Progression to Neurological Symptoms

If left untreated, a Naegleria fowleri infection rapidly progresses to more severe neurological symptoms within a few days. These symptoms indicate the invasion of the brain tissue by the amoeba and include:

1. Altered Mental Status

Patients may exhibit confusion, disorientation, and changes in behavior. They may become increasingly lethargic or agitated and have difficulty concentrating or responding appropriately.

2. Hallucinations

Visual or auditory hallucinations are common as the infection affects different areas of the brain responsible for sensory perception and processing. These hallucinations can be distressing and contribute to the patient’s altered mental state.

3. Seizures

Seizures are a hallmark of severe Naegleria fowleri infections and may occur repeatedly as the brain’s electrical activity becomes disrupted. Seizures can range from mild to severe and pose additional risks to the patient’s neurological function.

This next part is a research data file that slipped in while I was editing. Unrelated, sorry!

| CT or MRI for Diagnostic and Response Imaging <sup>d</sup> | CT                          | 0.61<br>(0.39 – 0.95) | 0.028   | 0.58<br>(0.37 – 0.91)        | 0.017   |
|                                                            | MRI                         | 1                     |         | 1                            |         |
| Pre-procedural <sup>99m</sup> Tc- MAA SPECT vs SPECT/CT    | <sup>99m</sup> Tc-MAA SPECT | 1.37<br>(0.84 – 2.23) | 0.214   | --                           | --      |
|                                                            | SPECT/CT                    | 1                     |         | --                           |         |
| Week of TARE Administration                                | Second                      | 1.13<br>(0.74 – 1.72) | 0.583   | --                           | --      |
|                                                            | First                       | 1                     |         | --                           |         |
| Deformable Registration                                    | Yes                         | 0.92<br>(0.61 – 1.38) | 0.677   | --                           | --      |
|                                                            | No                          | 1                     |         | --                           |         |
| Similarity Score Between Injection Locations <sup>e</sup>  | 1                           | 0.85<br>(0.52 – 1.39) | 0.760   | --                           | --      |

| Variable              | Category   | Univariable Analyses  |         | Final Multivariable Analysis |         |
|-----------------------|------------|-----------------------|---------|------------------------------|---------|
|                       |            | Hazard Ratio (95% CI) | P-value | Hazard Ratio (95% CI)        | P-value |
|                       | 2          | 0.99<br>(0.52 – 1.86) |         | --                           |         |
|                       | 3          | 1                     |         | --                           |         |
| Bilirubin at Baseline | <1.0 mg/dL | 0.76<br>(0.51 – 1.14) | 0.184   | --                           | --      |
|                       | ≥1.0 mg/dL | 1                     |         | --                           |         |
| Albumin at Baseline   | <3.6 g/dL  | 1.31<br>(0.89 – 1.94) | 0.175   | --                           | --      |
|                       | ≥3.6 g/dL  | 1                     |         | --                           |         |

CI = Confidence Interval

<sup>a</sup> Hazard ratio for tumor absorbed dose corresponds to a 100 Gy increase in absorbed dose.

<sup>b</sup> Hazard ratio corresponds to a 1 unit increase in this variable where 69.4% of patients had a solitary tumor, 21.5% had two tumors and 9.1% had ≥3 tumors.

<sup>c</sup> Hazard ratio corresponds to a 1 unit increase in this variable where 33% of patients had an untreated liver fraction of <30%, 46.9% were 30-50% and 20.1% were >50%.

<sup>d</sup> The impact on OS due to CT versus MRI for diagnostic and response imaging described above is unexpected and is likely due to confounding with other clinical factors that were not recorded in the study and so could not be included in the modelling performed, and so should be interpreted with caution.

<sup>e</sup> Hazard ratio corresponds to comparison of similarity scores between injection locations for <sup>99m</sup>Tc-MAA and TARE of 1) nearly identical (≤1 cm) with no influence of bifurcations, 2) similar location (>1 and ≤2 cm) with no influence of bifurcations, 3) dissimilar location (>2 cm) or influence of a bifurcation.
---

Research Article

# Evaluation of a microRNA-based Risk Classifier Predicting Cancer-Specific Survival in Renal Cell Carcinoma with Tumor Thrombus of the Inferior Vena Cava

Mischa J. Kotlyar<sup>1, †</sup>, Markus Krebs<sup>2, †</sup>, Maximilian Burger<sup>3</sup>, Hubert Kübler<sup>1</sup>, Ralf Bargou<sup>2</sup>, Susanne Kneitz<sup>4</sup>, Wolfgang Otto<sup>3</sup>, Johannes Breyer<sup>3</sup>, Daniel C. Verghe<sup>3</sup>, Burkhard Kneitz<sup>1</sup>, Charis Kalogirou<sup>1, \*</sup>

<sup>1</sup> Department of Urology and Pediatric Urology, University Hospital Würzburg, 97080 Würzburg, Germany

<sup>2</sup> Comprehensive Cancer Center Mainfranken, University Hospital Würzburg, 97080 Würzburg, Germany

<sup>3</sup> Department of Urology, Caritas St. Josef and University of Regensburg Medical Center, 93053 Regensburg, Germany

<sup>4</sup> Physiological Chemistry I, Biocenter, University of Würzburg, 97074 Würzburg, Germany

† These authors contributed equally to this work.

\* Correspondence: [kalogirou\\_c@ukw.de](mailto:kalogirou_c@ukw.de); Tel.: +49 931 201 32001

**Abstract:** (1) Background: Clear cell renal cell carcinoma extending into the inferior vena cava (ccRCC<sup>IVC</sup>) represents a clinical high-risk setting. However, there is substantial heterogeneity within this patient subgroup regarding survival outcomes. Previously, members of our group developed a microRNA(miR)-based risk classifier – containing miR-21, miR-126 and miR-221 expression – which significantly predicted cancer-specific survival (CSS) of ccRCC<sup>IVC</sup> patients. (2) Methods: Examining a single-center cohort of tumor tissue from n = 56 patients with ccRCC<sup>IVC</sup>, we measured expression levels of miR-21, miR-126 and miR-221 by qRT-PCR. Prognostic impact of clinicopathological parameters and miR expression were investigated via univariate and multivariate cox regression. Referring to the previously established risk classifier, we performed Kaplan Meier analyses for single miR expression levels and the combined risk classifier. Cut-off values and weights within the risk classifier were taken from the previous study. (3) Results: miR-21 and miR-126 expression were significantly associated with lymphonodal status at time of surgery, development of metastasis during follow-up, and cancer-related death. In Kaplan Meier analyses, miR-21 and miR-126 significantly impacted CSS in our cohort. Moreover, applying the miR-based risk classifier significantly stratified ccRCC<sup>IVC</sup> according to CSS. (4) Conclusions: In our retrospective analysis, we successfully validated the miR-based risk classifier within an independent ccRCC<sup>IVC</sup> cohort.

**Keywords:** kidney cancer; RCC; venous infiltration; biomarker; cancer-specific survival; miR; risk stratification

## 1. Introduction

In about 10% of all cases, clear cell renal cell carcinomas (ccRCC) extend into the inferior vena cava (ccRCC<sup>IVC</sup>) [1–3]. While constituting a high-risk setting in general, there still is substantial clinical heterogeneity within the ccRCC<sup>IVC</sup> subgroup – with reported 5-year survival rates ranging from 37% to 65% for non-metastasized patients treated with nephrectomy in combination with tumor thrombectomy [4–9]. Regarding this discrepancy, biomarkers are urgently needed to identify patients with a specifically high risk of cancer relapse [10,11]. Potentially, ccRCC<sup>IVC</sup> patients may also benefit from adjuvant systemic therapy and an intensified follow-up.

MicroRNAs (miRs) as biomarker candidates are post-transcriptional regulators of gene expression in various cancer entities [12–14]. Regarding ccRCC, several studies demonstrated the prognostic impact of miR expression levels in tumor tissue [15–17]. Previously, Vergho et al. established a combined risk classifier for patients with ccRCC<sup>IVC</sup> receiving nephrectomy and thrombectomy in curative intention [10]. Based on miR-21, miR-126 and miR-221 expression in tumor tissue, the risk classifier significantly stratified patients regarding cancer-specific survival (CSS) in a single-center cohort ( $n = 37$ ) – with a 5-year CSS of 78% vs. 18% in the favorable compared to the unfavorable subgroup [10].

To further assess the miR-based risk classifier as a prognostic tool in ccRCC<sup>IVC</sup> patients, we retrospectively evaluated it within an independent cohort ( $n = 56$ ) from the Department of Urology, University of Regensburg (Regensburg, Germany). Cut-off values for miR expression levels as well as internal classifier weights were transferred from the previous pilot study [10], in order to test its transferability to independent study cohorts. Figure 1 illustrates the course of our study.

4. Loss of Balance and Coordination

Motor skills may deteriorate rapidly, leading to a loss of balance, coordination difficulties, and problems with walking or standing. This symptom reflects the widespread damage caused by the amoeba within the brain.

5. Coma

In advanced stages of Naegleria fowleri infection, patients may lapse into a coma due to extensive brain damage and swelling. Coma is often irreversible and precedes death in most cases of PAM.

Diagnosis Challenges

Diagnosing a Naegleria fowleri infection can be challenging due to the rarity of cases and the rapid progression of symptoms. Healthcare providers rely on a combination of clinical suspicion, patient history (including recent exposure to freshwater), and diagnostic tests such as:

  • Cerebrospinal Fluid (CSF) Analysis: Examination of CSF obtained through lumbar puncture can reveal elevated white blood cell count and protein levels, indicating inflammation.
  • Microscopic Examination: Direct visualization of Naegleria fowleri trophozoites in CSF or brain tissue samples confirms the diagnosis, although the amoeba may be challenging to identify due to its low numbers and similarity to other amoebae.
  • PCR Testing: Polymerase chain reaction (PCR) assays detect Naegleria fowleri DNA in clinical specimens with high sensitivity, providing rapid confirmation of infection.